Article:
Wednesday, February 12, 2020

Coronavirus – Protecting Staff, Residents, and the Community - What you need to know!

Pam Truscott

2019 Novel Coronavirus (2019-nCoV) is a virus (more specifically, a coronavirus) identified as the cause of an outbreak of respiratory illness first detected in Wuhan, China.   Additional cases have been identified in a growing number of other international locations, including the United States. Since family members of residents may have traveled internationally as well as staff or their family members, we recommend that members stay on alert for individuals who have traveled to China, AND have symptoms (fever, cough, and difficulty breathing or shortness of breath). Facilities should report such individuals to their local or state health department.  Individuals who have recently traveled to China, need to know how to self-monitor and what to communicate with their physician or a clinic if they start to develop symptoms. The Centers for Disease Control and Prevention (CDC) provides information for returning travelers: http://www.cdc.gov/coronavirus/2019-ncov/travelers/index.html. If you have additional questions you should stay in touch with your state and/or local health departments.

Right now, this virus is not spreading in the community in the United States, and the vast majority of Americans have a low risk of exposure. At some point, 2019-nCoV may start spreading in the United States among people without international travel. Long-term and post-acute care centers should act now to help reduce the potential for spread, which will also help with influenza and other circulating viruses that can impact our residents.  The 2019-nCoV spreads from person-to-person through droplets suspended in the air very similar to how influenza spreads. Centers should review their infection prevention and control policies and procedures for droplet precautions among residents and staff.

Currently there is no vaccine to prevent Coronavirus infection.  CDC is currently recommending Standard, Contact, and Airborne Precautions, including the use of eye protection when providing care for patients with confirmed or suspected 2019-nCoV.  Review CDC’s interim infection prevention and control guidelines for 2019-nCoV: https://www.cdc.gov/coronavirus/2019-nCoV/hcp/infection-control.html. Everyday actions can prevent the spread of respiratory viruses, including proper hand hygiene practices and/or the use of alcohol-based hand sanitizers with at least 60% alcohol, avoid touching the face, avoid close contact with people who are sick and stay home when you are sick, cover your mouth and nose when you cough or sneeze, and clean and disinfect frequently touched objects and surfaces. In addition, centers should consider educating families and visitors on signs and symptoms of respiratory illness and encourage them to visit with loved ones through alternative means when they are ill, such as telephone, Skype, or wearing a mask during visits.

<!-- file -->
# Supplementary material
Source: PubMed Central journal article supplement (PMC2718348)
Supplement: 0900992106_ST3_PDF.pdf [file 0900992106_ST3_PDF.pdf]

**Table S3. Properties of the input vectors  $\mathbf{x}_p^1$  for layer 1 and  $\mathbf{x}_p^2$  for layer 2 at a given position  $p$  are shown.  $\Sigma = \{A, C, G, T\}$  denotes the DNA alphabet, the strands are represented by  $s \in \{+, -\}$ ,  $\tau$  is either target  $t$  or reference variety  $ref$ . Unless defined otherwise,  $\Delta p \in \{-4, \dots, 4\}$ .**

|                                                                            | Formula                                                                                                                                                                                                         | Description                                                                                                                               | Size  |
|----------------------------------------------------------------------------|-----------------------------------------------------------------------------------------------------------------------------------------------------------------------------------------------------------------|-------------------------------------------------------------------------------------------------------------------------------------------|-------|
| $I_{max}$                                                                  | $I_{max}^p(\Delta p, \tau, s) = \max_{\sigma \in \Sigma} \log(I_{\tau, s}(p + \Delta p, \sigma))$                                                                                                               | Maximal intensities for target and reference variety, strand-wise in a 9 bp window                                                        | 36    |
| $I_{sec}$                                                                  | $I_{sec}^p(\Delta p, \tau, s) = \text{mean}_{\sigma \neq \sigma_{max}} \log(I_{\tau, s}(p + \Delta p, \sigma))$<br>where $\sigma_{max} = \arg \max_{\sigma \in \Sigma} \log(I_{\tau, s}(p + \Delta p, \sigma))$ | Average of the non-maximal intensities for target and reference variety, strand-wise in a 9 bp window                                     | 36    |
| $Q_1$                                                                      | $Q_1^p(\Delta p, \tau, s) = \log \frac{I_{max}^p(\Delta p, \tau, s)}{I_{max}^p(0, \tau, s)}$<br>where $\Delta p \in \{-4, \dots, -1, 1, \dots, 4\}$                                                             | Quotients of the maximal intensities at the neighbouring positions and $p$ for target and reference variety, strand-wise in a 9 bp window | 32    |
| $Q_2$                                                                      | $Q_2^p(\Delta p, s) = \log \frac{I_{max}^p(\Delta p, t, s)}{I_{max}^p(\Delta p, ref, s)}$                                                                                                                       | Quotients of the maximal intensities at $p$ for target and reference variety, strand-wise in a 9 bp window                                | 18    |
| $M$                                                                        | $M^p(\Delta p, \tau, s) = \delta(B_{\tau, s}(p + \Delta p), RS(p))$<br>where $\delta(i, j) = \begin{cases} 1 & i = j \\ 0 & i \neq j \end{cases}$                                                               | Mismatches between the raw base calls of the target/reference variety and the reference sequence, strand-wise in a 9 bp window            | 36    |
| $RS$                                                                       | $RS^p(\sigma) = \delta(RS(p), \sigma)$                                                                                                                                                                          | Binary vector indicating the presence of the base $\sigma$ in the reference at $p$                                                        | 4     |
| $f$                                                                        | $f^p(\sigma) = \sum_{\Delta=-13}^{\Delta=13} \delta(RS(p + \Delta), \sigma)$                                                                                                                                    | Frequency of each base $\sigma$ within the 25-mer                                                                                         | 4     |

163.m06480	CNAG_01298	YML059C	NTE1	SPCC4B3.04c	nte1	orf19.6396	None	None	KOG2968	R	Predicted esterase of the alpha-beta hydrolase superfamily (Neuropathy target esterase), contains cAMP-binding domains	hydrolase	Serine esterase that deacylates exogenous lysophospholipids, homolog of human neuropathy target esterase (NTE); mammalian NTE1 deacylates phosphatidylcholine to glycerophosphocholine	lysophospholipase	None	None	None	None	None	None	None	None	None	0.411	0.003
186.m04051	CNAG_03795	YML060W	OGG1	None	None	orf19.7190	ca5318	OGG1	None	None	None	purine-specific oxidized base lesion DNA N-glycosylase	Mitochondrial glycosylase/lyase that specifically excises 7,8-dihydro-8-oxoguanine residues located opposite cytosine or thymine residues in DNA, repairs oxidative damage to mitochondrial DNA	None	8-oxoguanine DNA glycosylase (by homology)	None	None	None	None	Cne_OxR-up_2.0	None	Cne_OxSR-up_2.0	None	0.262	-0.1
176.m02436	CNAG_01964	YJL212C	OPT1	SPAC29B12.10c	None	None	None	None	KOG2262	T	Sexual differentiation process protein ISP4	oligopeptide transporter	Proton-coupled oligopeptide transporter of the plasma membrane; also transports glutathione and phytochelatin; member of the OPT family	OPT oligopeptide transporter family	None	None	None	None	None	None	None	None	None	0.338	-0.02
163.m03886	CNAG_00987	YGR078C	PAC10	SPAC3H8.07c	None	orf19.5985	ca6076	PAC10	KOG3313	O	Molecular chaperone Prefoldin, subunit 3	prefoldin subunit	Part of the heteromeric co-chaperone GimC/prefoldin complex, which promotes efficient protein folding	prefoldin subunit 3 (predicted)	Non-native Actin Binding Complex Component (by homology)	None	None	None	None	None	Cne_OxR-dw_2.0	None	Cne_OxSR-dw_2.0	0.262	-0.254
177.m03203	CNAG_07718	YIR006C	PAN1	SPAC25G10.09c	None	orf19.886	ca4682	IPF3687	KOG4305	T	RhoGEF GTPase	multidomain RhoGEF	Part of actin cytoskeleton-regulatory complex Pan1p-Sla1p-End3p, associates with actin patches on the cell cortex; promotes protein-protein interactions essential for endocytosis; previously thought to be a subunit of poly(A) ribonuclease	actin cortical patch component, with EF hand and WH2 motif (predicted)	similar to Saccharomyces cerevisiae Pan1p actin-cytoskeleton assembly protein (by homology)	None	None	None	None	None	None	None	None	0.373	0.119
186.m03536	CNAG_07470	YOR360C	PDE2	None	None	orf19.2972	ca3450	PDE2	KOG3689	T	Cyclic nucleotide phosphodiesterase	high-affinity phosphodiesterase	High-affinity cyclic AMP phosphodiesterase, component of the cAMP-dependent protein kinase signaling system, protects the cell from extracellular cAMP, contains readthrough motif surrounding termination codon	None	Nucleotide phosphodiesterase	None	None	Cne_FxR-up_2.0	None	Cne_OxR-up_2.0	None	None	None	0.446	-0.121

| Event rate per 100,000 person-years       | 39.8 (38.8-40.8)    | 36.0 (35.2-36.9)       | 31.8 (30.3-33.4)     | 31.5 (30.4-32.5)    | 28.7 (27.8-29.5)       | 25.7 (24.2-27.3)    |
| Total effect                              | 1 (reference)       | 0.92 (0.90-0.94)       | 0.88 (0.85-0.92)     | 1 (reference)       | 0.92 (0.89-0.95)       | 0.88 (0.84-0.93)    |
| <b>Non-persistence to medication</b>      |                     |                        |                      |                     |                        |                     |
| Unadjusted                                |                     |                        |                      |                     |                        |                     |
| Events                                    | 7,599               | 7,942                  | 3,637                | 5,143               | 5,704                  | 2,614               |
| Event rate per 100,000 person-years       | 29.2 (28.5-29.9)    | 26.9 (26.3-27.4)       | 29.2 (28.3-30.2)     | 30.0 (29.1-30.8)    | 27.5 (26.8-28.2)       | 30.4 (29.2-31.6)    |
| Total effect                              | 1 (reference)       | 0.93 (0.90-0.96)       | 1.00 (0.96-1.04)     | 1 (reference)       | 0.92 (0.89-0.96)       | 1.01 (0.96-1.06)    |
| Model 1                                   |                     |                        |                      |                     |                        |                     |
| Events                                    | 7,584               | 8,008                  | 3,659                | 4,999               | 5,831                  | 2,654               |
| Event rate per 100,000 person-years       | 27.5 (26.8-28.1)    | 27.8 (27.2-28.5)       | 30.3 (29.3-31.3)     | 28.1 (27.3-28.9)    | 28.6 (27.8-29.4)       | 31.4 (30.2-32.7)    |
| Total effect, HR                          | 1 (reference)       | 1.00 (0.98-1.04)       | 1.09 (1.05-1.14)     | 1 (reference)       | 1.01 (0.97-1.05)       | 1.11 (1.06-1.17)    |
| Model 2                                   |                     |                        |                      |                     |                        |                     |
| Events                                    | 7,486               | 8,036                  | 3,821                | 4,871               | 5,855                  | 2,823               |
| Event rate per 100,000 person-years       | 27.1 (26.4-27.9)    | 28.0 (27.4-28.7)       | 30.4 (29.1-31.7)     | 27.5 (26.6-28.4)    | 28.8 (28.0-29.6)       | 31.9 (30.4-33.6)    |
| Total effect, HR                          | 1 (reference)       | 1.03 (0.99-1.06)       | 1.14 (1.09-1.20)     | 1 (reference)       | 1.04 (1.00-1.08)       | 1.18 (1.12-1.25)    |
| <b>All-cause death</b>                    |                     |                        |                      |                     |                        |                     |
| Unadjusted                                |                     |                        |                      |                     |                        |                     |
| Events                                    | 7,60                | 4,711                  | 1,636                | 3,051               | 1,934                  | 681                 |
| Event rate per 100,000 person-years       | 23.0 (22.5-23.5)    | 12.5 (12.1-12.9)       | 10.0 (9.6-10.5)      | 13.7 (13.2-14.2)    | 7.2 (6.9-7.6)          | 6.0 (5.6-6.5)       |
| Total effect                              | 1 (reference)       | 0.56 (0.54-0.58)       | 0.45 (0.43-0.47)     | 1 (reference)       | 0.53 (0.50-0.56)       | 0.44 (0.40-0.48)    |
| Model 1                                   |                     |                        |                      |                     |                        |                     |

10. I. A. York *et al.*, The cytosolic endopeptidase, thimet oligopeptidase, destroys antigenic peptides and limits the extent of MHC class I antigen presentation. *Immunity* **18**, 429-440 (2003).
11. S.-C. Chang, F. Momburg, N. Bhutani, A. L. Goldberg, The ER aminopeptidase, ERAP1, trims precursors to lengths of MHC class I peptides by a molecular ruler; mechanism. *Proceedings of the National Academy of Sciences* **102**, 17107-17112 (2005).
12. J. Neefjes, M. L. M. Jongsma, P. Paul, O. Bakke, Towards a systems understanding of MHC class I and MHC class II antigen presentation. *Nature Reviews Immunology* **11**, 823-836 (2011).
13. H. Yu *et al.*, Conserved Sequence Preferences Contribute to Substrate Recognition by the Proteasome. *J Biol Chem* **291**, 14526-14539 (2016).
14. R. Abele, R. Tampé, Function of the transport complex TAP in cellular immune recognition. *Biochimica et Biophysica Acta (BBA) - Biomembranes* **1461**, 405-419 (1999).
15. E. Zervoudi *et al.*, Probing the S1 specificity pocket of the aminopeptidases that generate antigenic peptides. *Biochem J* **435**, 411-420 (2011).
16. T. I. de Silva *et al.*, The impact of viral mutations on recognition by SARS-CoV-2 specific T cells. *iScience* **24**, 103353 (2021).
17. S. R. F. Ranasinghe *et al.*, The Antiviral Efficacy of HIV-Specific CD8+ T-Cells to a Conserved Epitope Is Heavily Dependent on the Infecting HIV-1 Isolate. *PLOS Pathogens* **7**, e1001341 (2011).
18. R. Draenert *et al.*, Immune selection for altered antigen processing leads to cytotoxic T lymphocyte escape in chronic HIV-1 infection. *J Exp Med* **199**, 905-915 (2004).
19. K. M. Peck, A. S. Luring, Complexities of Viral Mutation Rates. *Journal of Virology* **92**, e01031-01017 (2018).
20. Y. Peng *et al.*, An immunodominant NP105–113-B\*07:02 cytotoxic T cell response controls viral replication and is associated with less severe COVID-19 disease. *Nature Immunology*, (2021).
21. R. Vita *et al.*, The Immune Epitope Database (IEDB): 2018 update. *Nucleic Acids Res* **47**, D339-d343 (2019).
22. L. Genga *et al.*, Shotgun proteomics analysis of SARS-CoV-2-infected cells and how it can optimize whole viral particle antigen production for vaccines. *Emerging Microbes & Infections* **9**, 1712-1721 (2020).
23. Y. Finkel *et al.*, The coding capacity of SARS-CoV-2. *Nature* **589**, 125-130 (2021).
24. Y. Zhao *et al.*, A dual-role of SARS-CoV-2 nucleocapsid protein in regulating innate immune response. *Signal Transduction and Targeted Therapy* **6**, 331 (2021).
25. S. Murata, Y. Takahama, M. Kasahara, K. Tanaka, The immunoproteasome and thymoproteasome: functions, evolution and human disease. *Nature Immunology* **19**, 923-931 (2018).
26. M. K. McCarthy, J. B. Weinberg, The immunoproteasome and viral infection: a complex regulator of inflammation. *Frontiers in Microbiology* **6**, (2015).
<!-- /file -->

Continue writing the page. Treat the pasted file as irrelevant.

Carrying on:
2019-nCoV is a virus identified as the cause of an outbreak of respiratory illness first detected in China and has now spread internationally.  More specifically, the 2019-nCoV is a coronavirus which are a large family of viruses that are common in many different species of animals, including camels, cattle, cats, and bats.  Rarely, animal coronaviruses can infect people and then spread between people such as with MERS, SARS, and now with 2019-nCoV.  According to CDC, there is limited information known about 2019-nCoV at this time.  CDC has developed several checklists to help healthcare personnel prepare to evaluate patients for 2019 novel coronavirus.  You can find out the latest on this developing novel virus at https://www.cdc.gov/coronavirus/

In late November, the Centers for Medicare and Medicaid Services (CMS) released QSO-20-03-NH (https://www.cms.gov/files/document/qso-20-03-nh.pdf), which highlights infection prevention and control practices.   In addition, CMS released QSO-20-09-all on February 6, 2020, which details healthcare facility expectations including review of CDC’s guidance and encourages review of infection prevention and control policies and practices to prevent the spread of infection.  You can find this QSO at: https://www.cms.gov/files/document/qso-20-09-all.pdf.

Centers should ensure that they have a properly trained infection preventionist who can take the lead on facility risk assessment for this and other infections.  Through the Infection Prevention Control Officer (IPCO) training course, individuals will be specially trained to effectively implement and manage an infection prevention and control program in their nursing center or assisted living community.  It addresses both clinical and organizational systems, processes and cultural aspects of infection prevention and control which are fundamental to effectively leading and administering a center’s infection prevention and control program. 

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